Mashup is a web application that combines data from more than one source into a single integrated tool; a typical example is the use of cartographic data from Google Maps to add location information to real-estate data from Craigslist, thereby creating a new and distinct web service that was not originally envisaged by either source.
Composite Application expresses a perspective of software engineering that defines an application built by combining multiple services. People often compare composite applications to mashups. However, composite applications leverage enterprise and enterprise-ready sources (e.g., commercial web services) of information, while mashups usually rely on web-based, and often free, sources.
The composite application consists of functionality drawn from several different sources within a service oriented architecture (SOA). The components may be individual web services, selected functions from within other applications, or entire systems whose outputs have been packaged as web services (often legacy systems).
Computing fabrics: Claunch says blade servers are just an intermediate stage. A fabric will allow several blades to be merged. “Blades are not the final step,” says Clough. His description:
The fabric based server of the future will treat memory, processors and I/O cards are components in a pool, combining and recombining them into particular arrangements to suit the owner’s needs. That is, a large server can be created by combining 32 processors and a number of memory modules from the pool, operating together over the fabric to appear to an operating system as a single fixed server. Any combination of the components can be configured, as they will not longer be defined as blades.
Virtualization is a broad term that refers to the abstraction of computer resources. One useful definition is "a technique for hiding the physical characteristics of computing resources from the way in which other systems, applications, or end users interact with those resources. This includes making a single physical resource (such as a server, an operating system, an application, or storage device) appear to function as multiple logical resources; or it can include making multiple physical resources (such as storage devices or servers) appear as a single logical resource."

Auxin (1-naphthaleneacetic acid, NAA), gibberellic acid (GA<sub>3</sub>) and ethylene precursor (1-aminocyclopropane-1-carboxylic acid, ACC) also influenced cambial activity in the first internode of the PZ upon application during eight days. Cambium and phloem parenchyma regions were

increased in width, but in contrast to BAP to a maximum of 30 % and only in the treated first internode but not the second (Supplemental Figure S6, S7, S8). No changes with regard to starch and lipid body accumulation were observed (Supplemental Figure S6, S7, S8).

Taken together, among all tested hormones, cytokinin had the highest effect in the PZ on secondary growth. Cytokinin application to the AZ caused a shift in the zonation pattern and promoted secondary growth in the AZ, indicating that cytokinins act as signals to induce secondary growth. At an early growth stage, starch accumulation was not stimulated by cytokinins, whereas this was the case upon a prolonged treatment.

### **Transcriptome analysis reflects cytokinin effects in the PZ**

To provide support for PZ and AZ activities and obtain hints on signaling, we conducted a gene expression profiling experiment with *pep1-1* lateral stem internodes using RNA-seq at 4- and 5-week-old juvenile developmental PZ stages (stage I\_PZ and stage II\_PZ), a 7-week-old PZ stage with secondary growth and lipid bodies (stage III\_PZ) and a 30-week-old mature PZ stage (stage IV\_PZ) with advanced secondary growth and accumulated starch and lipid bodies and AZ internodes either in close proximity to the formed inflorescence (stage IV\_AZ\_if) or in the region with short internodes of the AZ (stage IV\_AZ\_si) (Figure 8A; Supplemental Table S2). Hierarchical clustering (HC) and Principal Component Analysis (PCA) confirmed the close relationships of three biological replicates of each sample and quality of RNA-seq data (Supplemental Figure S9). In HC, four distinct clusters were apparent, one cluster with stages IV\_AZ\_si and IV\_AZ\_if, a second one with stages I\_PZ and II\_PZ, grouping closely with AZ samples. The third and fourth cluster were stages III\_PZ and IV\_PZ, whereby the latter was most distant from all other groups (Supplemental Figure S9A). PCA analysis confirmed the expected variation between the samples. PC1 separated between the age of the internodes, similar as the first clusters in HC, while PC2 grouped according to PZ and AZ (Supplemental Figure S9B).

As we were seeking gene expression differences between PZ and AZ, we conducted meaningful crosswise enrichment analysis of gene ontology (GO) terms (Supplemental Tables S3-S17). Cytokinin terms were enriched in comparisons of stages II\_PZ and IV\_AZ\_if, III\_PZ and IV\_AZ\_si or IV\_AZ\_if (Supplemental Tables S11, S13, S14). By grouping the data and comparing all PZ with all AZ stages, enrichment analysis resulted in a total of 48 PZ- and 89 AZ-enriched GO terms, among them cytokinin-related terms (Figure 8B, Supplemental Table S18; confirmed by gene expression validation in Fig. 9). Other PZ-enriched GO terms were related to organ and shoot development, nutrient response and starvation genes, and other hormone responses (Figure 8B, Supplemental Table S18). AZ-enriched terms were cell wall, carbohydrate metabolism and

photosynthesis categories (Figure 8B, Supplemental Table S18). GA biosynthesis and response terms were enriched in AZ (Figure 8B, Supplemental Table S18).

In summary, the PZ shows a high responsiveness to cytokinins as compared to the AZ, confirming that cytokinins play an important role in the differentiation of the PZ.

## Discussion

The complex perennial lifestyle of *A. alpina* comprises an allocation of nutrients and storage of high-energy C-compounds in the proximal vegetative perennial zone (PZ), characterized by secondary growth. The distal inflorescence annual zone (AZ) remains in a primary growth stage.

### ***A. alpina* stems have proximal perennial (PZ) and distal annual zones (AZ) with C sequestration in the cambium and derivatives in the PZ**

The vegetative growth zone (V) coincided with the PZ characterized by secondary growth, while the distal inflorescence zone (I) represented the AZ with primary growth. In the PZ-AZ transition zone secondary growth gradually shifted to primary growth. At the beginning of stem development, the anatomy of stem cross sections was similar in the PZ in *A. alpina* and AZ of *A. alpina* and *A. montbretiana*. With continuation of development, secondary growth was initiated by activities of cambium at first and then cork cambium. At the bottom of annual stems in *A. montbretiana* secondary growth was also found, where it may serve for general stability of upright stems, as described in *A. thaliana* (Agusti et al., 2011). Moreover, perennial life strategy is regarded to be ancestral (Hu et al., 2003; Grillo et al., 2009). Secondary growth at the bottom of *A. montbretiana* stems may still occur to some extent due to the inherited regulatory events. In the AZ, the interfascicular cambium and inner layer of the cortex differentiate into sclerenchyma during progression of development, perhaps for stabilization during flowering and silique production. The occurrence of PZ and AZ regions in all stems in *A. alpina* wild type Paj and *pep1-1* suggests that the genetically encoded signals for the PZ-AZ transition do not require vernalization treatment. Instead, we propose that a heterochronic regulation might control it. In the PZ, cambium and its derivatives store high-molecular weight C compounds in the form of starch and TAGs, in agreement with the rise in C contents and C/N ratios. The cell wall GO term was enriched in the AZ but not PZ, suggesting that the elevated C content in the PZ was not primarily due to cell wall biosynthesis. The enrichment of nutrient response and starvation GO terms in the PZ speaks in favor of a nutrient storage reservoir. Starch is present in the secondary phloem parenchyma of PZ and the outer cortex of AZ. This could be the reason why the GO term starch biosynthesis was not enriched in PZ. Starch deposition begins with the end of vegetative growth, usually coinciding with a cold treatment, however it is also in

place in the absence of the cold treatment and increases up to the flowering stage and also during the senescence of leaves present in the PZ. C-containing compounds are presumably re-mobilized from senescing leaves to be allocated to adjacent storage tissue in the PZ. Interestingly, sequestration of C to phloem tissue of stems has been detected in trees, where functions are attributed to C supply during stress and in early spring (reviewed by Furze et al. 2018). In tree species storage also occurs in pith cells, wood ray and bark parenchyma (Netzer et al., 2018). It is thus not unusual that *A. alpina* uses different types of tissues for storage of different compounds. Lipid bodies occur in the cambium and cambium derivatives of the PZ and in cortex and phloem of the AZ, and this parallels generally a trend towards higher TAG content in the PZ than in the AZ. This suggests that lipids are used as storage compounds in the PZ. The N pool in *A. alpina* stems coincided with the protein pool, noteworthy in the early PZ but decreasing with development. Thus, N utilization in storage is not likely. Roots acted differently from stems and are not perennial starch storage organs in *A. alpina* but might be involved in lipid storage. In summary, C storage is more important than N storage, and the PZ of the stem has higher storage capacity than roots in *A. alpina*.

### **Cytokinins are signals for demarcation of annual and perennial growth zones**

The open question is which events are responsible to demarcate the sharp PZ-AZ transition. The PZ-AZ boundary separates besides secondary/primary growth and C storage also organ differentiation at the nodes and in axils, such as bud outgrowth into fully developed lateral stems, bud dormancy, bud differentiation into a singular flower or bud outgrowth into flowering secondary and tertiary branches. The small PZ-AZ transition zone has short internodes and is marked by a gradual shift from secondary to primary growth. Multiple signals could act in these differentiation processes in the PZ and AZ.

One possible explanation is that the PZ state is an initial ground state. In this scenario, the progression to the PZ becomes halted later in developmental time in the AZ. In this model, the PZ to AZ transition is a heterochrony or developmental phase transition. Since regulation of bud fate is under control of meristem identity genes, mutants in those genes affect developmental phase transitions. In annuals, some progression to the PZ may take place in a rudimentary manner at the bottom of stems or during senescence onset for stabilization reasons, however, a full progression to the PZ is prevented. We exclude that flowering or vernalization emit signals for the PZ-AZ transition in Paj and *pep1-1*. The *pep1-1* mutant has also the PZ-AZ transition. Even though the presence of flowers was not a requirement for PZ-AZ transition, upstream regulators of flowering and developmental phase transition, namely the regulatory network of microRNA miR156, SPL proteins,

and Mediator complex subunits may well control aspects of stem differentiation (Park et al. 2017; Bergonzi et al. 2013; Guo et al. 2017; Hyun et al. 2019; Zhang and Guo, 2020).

Virtualization is more than just consolidation of hardware. Claunch argues that virtualization is all about flexibility and the ability to adapt. These advantages go beyond mere hardware savings.
Here’s a chart outlining what Gartner calls Virtualization 2.0:
Web platforms (also known as SaaS today). Software as a service (SaaS) is a software application delivery model where a software vendor develops a web-native software application and hosts and operates (either independently or through a third-party) the application for use by its customers over the Internet. Customers do not pay for owning the software itself but rather for using it. They use it through an API accessible over the Web and often written using Web Services or REST. The term SaaS has become the industry preferred term, generally replacing the earlier terms Application Service Provider (ASP), On-Demand and "Utility computing".
Cearley says that 25 percent of Gartner customers have some form of SaaS already. Cearley advises that IT managers build in SaaS providers into their sourcing strategies.
Longer term, however, Web platforms will be the model for the future. Ultimately everything –infrastructure, information, widgets and business processes–will be delivered as a service. All of these intertwined APIs will give us a acronym: WOA (Web oriented architecture.) “Put this on your radar screen and start with some ‘what if’ models,” says Cearley. These Web platforms will also make mashups more common in the enterprise. In fact, Cearley argues that enterprises will need an architecture just to manage mashups.